Tuesday, November 22, 2005

The Rule of Four by Ian Caldwell & Dustin Thomason

Authors: Ian Caldwell & Dustin Thomason
ISBN # 0099451956
521 pages

Tom Sullivan, about to graduate from Princeton, is haunted by the violent death of his father, an academic who devoted his life to one of the rarest, most complex books in the world. Coded in seven languages, the Hypnerotomachia Poliphili, an intricate mathematical mystery and a tale of love and arcane brutality, has baffled scholars since 1499. Tom's friend, Paul, is similarly obsessed and when a long-lost diary surfaces they finally seem to make a breakthrough. Only hours later, a fellow researcher is murdered and the two friends suddenly find themselves in great danger. Working desperately to expose the book's secret, they slowly uncover a Renaissance tale of passion and blood, a hidden crypt and a secret worth dying to protect...

Dubbed “The Da Vinci Code for people with brains,” the back cover screamed a promise that wasn’t really, in my opinion, kept. Yes, it was an interesting story, but much of the action is kept from the readers’ view & we only see the answers, not the puzzle itself.

The writing style was a little stilted, possibly the result of having two authors working together on the project; there were moments where the joins weren’t quite as seamless as they could have been, but it didn’t really detract from the tale.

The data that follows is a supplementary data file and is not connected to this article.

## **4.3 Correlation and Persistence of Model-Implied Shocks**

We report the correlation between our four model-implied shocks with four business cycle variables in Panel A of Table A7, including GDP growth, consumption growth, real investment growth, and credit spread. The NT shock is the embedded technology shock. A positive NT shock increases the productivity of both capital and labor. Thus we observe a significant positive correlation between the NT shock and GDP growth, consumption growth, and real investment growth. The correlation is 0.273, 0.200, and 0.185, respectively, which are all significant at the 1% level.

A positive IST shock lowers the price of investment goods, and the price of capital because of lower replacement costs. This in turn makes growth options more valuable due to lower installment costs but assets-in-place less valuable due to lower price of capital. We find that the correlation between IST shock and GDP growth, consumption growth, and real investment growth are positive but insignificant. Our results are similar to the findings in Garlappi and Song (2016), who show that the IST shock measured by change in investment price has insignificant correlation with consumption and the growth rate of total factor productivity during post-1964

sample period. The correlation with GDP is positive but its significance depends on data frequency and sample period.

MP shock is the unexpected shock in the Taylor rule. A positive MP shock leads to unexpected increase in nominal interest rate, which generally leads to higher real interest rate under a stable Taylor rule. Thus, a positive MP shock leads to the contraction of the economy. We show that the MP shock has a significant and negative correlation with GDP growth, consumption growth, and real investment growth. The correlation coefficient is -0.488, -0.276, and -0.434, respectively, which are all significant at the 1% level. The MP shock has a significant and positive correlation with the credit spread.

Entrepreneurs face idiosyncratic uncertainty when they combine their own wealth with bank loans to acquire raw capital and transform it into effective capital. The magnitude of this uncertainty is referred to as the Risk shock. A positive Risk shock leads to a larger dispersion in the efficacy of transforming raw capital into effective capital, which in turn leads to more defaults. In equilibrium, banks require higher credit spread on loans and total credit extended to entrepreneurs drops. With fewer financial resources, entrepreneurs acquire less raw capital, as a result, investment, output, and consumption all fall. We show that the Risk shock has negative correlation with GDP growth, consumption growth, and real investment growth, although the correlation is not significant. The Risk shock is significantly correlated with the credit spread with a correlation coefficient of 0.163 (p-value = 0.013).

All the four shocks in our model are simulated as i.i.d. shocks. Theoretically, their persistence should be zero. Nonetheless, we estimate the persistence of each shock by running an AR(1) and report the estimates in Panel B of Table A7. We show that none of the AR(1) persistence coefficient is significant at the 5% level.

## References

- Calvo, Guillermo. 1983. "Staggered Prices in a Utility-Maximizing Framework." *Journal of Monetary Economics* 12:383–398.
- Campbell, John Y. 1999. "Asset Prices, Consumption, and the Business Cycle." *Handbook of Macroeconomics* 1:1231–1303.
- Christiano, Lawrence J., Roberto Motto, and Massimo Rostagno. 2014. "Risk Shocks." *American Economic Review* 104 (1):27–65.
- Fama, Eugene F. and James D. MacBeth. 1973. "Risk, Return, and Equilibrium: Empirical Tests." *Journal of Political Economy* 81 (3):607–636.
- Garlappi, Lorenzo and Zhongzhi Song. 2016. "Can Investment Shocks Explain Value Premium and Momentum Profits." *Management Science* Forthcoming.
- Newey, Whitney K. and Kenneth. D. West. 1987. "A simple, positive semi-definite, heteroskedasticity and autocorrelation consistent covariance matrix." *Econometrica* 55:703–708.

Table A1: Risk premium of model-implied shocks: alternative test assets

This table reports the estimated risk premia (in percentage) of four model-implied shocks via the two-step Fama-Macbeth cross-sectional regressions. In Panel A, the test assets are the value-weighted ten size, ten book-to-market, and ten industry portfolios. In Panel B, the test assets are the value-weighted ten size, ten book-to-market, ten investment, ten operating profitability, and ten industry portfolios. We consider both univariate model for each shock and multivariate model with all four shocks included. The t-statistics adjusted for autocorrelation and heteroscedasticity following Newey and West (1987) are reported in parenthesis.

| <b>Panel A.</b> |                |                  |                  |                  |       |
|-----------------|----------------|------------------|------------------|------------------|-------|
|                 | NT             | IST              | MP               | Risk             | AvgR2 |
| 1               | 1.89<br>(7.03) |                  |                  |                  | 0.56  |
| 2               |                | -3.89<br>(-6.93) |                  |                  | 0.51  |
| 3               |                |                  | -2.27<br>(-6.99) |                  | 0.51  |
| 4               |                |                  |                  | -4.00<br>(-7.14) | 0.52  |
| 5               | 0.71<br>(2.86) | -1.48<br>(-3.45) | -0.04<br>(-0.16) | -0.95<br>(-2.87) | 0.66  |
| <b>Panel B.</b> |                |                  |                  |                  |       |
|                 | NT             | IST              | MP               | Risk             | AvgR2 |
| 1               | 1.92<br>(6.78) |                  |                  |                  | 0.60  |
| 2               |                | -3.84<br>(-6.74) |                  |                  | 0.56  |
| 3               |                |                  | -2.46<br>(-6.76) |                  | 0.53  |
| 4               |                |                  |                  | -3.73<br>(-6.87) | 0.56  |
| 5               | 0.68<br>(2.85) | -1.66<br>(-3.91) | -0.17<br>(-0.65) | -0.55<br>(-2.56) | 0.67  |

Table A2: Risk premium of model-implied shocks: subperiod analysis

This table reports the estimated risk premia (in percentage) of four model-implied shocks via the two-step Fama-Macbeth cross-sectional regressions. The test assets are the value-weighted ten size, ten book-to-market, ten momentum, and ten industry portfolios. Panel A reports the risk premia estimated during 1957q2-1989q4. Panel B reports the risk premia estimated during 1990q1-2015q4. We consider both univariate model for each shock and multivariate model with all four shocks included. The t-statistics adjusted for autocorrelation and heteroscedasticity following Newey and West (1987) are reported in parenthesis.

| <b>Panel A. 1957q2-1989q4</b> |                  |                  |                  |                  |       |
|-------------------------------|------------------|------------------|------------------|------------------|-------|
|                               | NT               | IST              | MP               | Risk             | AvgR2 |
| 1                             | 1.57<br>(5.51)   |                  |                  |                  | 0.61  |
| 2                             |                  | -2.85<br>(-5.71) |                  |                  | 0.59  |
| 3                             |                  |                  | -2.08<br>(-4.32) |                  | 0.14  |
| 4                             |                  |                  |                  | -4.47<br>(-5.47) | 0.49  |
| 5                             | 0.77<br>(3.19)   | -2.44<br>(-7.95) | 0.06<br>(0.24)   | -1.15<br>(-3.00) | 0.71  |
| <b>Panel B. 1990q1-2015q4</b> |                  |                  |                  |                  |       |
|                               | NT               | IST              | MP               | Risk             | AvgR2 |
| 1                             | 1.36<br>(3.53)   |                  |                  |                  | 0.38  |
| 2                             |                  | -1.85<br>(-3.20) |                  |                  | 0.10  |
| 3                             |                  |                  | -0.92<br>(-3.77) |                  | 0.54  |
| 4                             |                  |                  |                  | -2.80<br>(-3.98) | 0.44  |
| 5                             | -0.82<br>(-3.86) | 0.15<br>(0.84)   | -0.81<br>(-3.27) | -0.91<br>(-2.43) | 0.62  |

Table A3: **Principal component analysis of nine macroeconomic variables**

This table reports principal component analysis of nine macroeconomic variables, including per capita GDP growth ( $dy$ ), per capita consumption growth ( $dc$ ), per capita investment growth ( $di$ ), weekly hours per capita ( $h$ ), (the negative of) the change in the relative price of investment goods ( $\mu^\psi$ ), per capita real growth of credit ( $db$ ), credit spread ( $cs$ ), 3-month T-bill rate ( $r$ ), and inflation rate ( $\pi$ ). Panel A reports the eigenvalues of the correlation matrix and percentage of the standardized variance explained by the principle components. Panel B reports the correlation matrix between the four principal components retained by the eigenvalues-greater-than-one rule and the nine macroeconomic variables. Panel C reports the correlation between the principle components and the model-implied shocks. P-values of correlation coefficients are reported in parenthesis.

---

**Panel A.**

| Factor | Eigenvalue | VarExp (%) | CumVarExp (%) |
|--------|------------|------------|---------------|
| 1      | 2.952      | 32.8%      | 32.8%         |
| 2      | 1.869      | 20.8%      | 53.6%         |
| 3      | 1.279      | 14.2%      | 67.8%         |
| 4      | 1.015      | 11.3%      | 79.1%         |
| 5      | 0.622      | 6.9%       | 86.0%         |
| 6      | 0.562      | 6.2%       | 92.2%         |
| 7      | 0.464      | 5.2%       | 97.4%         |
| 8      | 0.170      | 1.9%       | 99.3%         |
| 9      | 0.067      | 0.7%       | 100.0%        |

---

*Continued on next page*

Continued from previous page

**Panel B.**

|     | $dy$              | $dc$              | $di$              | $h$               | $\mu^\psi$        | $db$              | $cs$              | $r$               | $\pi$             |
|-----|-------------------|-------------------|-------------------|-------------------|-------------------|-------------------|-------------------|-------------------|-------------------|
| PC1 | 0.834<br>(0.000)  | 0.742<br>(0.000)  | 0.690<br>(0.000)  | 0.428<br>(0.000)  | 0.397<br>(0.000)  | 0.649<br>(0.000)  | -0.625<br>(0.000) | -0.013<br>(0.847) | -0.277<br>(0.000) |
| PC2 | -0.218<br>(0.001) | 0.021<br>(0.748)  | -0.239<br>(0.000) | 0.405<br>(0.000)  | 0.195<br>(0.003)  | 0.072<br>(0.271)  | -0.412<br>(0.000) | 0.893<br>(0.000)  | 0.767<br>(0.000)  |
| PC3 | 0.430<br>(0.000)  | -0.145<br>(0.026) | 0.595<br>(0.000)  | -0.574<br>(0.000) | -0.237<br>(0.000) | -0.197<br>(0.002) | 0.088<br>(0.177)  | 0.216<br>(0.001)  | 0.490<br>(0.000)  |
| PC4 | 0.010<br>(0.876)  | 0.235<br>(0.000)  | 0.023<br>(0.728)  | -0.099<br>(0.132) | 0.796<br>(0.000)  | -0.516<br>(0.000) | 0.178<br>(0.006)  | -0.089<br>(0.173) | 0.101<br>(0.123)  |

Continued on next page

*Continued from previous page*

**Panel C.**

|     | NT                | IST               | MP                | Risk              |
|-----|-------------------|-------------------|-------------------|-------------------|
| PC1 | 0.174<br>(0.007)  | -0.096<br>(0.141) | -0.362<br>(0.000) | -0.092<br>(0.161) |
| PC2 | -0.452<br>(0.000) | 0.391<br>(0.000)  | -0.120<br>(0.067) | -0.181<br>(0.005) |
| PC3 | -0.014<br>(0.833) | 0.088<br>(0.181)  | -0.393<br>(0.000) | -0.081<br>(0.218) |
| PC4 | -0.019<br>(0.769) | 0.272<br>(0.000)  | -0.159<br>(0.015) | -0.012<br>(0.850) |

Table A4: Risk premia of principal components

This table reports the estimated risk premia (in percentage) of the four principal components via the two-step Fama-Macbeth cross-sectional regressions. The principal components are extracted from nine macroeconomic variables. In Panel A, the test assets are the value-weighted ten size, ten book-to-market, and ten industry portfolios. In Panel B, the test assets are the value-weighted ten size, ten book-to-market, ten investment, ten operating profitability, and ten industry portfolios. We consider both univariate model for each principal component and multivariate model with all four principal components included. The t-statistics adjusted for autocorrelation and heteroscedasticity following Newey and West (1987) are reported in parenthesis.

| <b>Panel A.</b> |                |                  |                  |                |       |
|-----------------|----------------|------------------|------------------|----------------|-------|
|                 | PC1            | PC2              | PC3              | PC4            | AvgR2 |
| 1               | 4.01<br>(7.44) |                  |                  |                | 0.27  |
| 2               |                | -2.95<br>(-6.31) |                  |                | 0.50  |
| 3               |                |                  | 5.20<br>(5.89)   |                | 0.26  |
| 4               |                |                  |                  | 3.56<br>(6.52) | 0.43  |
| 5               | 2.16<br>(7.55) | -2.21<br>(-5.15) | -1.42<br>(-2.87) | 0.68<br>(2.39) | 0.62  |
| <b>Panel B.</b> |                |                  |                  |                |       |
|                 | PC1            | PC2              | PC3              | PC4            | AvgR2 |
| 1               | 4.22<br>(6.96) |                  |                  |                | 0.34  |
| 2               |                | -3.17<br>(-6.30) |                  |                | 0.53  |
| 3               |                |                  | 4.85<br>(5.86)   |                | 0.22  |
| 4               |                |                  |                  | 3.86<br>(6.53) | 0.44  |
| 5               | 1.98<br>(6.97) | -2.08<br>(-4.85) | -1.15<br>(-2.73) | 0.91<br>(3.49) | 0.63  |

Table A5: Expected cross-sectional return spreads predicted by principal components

The Hypnerotomachia Poliphili is obviously a book very close to their hearts & I suspect their own college dissertations may have involved it, perhaps providing them with the inspiration for The Rule of Four. The story really focuses more on the relationships between the four friends; Tom, Paul, Charlie & Gil, so it’s a bit of a disappointment that I didn’t feel any real connection with any of those characters – I didn’t feel I got to know them at all with the exception of Tom, & that was only because the story was being told from his point of view. The dual themes of obsession & betrayal were of more interest to me, so it was a shame more wasn’t made of them instead, other than to show how the book manages to draw people into it.

All in all, this was a more challenging read than Dan Brown’s The Da Vinci Code, but slightly less satisfying. I think that given time, this writing duo will go far & that their storytelling skills will be more finely tuned the longer they work together, should they choose to take that direction, although I’d be interested in seeing what they can do on their own steam & seeing which voice flavoured this particular offering more.

Rating 6/10


Post a Comment

<< Home